Date: January 6, 2010

Title: Fighting the 2012 Hoax


Podcaster: Bill Hudson

Music by Kevin MacLeod:

Description: Bill Hudson from issues a call to action for all amateur astronomers, stargazers, and people just interested in space science. The 2012 doomsday hoax is gaining traction in a vulnerable population: school children.

Bio: Bill Hudson is an amateur astronomer in California. He has spent the last decade looking up, and is involved in astronomy outreach programs in the California central coast area. He is the publisher of, a wiki that seeks to document and debunk all of the doomsday rumors surrounding the year 2012.

Today’s sponsor: This episode of “365 Days of Astronomy” is sponsored by no one. Please consider sponsoring an episode in 2010 for only $30.


This is Bill Hudson from I’m very happy to be participating in the 2010 edition of the “365 days of astronomy” podcast. This is the first of 4 episodes that I’ve signed up for over the course of the year, and I hope to have some guests with me on future episodes. Today I’m going to be talking about a subject that is very important to me, and from the title of this episode, as well as the name of the website, you can probably guess that I’m going to talk about 2012. However, this is not a “2012 debunking “ episode, those will come later in the year. This is a call to arms, or a call to action.

If you are listening to this podcast, then you are interested in astronomy in some way. Many of you are amateur astronomers, like I am. You might be in a local astronomy club, or perhaps you are an occasional stargazer, or are just interested in astronomy in general without actually having astronomy as a hobby. Regardless of your level of participation, your interest in astronomy makes you uniquely qualified to debunk the “2012 doomsday” nonsense. So… I’m calling on you to help.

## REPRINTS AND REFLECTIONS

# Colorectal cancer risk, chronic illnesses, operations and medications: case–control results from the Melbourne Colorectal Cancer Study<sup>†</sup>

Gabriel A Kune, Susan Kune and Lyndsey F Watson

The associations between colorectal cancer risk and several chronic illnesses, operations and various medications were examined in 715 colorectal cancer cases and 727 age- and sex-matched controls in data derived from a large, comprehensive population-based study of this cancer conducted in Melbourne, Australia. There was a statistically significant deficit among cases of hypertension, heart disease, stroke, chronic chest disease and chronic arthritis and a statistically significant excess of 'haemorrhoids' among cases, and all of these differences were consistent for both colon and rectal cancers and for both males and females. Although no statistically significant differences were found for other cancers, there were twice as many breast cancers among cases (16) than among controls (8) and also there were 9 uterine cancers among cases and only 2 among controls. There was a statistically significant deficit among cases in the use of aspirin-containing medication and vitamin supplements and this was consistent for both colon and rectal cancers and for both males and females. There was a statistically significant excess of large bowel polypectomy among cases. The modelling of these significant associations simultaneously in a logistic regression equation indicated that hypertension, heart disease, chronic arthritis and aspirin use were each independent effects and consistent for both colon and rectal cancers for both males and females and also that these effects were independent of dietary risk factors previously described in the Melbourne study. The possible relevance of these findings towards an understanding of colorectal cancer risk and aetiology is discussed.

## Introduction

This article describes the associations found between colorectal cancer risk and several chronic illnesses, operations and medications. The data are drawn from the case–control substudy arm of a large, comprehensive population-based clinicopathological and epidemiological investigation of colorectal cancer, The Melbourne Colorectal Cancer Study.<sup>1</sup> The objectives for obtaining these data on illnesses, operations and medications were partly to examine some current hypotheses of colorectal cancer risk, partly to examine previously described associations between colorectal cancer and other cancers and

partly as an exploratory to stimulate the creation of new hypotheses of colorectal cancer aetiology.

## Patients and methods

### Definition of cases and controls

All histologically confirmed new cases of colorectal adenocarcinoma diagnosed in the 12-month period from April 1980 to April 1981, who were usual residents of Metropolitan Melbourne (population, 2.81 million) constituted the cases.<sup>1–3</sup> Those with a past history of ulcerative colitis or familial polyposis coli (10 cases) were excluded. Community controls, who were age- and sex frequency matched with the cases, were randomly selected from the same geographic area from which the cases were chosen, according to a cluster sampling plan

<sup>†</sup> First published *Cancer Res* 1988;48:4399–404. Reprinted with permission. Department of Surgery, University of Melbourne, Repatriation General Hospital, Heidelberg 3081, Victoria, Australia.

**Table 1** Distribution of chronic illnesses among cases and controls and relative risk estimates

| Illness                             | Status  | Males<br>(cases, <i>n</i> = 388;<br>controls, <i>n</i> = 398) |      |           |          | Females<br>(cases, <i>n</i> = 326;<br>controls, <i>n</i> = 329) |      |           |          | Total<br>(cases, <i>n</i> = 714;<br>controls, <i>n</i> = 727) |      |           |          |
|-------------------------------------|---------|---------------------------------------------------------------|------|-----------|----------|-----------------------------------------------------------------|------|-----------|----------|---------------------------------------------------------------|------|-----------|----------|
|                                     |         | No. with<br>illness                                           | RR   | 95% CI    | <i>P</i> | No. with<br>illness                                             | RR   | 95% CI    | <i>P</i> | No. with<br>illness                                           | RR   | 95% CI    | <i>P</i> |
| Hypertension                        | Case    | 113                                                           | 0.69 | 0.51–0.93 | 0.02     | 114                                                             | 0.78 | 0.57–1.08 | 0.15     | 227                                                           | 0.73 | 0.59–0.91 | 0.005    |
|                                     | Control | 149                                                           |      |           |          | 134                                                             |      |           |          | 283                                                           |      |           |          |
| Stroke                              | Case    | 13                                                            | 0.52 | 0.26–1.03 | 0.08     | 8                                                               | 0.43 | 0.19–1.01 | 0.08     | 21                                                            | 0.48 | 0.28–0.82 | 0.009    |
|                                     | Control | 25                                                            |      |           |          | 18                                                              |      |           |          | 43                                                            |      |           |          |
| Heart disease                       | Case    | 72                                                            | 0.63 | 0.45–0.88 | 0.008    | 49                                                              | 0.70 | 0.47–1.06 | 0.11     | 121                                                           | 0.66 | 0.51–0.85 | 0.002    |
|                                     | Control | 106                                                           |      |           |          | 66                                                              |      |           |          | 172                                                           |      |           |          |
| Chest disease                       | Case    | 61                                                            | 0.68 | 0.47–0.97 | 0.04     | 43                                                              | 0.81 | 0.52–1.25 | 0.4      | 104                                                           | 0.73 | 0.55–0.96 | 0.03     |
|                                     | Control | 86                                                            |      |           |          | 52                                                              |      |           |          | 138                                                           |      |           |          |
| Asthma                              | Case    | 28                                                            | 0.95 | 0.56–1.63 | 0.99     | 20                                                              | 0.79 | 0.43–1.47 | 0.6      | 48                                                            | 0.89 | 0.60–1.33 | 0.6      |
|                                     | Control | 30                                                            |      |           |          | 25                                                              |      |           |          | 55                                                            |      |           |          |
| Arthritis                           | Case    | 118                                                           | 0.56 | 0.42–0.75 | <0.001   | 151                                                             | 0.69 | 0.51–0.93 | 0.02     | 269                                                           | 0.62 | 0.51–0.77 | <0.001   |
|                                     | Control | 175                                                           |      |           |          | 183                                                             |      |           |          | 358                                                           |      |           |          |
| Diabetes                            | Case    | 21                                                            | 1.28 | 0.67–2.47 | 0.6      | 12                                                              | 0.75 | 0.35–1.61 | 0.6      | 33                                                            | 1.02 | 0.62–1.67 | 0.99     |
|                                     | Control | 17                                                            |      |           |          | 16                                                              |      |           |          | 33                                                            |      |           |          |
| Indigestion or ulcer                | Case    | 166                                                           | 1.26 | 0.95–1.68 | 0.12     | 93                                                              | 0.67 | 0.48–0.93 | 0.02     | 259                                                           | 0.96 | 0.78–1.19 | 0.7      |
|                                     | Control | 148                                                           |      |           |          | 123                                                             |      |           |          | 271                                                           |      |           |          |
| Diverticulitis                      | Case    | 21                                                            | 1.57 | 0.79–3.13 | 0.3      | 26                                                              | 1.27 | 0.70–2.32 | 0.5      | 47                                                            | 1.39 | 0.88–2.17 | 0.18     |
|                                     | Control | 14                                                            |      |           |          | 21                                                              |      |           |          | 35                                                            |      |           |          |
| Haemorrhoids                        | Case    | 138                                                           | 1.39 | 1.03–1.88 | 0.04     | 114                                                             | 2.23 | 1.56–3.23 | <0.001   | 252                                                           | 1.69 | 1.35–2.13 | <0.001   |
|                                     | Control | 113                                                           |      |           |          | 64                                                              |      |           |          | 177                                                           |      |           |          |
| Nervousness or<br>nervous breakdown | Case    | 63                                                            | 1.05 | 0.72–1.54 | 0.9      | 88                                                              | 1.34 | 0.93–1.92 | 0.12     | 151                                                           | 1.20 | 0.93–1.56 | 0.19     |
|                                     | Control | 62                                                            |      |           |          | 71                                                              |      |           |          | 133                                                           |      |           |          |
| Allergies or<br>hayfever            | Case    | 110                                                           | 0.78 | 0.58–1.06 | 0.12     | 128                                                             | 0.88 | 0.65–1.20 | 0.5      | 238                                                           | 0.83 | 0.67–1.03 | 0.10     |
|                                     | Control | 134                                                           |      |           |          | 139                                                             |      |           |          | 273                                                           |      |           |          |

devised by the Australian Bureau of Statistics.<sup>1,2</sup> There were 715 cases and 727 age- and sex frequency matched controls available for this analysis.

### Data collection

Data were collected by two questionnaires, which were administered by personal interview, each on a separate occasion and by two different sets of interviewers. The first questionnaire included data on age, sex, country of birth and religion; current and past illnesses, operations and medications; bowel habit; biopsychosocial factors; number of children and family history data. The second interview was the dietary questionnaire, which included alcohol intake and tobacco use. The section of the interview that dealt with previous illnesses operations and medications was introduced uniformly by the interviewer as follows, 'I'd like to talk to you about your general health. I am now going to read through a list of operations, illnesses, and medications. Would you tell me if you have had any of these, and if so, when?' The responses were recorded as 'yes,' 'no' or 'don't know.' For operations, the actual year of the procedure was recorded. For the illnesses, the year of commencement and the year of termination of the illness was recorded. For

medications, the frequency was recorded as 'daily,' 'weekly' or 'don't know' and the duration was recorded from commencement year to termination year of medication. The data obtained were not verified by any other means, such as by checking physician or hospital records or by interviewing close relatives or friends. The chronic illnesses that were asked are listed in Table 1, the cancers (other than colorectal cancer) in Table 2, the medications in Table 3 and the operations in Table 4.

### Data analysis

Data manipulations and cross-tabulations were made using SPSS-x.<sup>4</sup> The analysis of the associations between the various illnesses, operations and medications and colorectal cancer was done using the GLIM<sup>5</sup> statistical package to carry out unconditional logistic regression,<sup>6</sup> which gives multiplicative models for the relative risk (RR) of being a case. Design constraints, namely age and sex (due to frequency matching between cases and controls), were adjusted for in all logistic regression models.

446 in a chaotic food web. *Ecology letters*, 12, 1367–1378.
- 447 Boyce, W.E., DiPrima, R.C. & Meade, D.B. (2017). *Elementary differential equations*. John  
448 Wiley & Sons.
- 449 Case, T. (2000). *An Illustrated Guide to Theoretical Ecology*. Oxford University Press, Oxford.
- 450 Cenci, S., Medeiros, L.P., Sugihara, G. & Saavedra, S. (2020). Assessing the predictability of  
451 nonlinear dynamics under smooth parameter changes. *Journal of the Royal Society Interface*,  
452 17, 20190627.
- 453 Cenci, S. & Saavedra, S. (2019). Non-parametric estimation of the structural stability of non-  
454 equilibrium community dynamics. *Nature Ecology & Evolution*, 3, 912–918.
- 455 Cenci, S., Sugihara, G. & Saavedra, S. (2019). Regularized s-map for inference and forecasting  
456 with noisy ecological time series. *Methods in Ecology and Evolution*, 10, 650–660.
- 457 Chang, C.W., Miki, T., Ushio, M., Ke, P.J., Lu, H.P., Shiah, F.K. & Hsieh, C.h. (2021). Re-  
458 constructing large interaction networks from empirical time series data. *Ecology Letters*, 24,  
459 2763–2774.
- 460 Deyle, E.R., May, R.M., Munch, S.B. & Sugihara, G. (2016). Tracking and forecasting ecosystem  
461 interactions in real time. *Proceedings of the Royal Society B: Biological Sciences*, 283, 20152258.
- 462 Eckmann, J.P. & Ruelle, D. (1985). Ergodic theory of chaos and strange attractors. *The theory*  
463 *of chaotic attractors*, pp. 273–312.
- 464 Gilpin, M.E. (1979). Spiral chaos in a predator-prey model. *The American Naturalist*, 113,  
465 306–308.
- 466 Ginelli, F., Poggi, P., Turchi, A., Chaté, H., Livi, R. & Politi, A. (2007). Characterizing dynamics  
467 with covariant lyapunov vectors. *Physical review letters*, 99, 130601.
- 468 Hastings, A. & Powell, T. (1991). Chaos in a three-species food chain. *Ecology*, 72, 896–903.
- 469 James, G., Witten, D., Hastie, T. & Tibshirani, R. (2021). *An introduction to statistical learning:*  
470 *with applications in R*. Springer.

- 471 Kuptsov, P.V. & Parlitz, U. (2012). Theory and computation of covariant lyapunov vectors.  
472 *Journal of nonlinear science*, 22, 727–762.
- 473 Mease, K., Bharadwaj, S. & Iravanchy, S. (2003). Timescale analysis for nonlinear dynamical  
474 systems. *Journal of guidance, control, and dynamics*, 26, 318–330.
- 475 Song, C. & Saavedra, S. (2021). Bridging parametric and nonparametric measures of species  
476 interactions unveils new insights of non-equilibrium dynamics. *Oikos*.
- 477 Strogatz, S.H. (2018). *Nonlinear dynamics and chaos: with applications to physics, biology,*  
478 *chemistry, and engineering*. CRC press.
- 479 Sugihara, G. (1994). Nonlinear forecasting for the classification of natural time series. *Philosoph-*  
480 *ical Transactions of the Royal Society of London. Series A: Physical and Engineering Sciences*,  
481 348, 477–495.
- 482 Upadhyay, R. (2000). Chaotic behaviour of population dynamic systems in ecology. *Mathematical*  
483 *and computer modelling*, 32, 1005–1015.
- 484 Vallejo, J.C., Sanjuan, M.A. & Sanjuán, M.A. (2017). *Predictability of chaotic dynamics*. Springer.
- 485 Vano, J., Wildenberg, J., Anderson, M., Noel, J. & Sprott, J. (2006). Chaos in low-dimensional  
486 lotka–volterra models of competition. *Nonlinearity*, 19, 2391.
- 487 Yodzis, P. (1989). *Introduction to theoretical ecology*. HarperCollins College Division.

I became interested in the “2012 doomsday” nonsense because of my outreach into local schools, where I go into elementary school classrooms and give a talk on astronomy. I’ve been doing that for about 4 years. A couple of years ago I started getting a lot of questions from the kids about “the end of the world” and whether it was going to happen in 2012. I have spent a great deal of my free time in 2009 researching and debunking the various “2012 doomsday” rumors, and writing about them on There are several people who are writing content for the site, and that is a big help, but I’m not here today to ask for more authors. What I am here to do today is to challenge you.

It is not enough to write about why the “2012 doomsday” is nonsense on a website. One website, or ten, or even a hundred, can’t compete with the vast sea of nonsense that is the “2012 phenomenon”. Sites like Yahoo!Answers and YouTube are full of people saying all kinds of crazy things about what will happen in 2012. There are thousands of videos on YouTube predicting various catastrophic events.

Even that is not as pervasive and persuasive as the shows that are playing on various cable and satellite channels. Channels such as the History Channel that once could be relied on to show quality programming have bowed to the pressure of ratings, and are now showing things like “Nostradamus 2012”, which is essentially an hour long brain-numbing mix of misleading statements, bad science, and outright falsehoods.